The History of Masthead Cove Yacht Club
by Jerry Sinofsy
It all started in Coneys yard, the main one at New York Avenue in the very early spring of 1975. As you all know, between sanding, painting and polishing, sailors like to talk, talk, and talk some more. Guys like Ed Jacob, myself [Jerry] and sailors you may never have heard of like Joe Spalone, George Albright, Bob Goldberg, Ira Futterman and Harry Zirkel. We talked about an idea for a new yacht club, one that would meet all our needs and fit our budget. Bob and Matt Coneys heard about our idea and with their knowledge we had an informal meeting in the back of the restaurant called “Cappy’s” on New York Avenue. At that meeting there were 12 sailors. To have a club you need officers, and since we could not hold an election, it was decided to put names in a hat for the first year, and behold Masthead’s first officers:
- Commodore Joe Spalone
- Vice Commodore Jerry Sinofsky
- Treasurer Harry Zirkel
- Rear Commodore Bob Goldberg
Ira Futterman, an attorney, volunteered to arrange for the incorporation for the club. The group met every Tuesday night in the back of Cappy’s to go over which seems like hundreds of details such as: the name of the club, the burgee, cruising, social functions, membership, by-laws, etc. The name of the club and the design of the burgee had to be completely new and not conflicting with names and burgees of hundreds of other clubs in the “Lloyds Book of Register. If you have the book, Masthead is in there with our burgee, our location and our current officers.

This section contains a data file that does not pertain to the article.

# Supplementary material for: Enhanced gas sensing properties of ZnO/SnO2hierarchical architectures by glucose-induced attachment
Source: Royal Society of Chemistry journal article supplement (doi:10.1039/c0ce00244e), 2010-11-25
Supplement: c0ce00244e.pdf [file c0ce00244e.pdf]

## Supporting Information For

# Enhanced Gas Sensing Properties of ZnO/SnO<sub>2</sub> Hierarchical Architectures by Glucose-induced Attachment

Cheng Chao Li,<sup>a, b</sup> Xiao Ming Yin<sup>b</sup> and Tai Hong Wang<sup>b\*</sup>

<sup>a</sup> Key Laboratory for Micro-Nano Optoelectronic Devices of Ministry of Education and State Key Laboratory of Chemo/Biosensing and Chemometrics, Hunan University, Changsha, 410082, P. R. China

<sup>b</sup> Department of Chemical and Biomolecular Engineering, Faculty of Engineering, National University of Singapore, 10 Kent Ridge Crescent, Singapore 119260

The name Masthead Cove was picked arbitrarily after the initials of Matt Coney in order to honor him for his help. As a matter of fact, he graciously presented the club with our first 50 burgees after it was designed. As the word spread around about our new club, it grew to 25 members. Dues at that time were a modest $25 a year. We held our first official meeting in the back of some bar near Huntington where everyone proudly received his burgee. It should be noted that we had 100% attendance. The spring and fall racing were simple…one division of about 10 – 15 boats and it was fun. Nobody really knew the racing rules. Miss Sugar [Jerry’s boat] even won occasionally. We were a Pearson 30 then. Cruising was very important part of the club function; there were many two or three boat cruises. I went with six boats to Newport, RI. Many more meetings were held, and in one of them the idea of “our Clubhouse Mooring” in Lloyd Harbor came up.
A book can be written about the trials and tribulations of getting started, and the names of those sailors I mentioned and many more worked extremely hard to smooth over the very rough spots. All of us know the result of those early efforts. The basis for the club then was “to initiate a sailing program that provides challenging and stimulating experiences for its members with an opportunity for individual participation in many areas of sailing.” This is still the basis today. That should be the basis for tomorrow.
So now you know the real story of how MCYC began.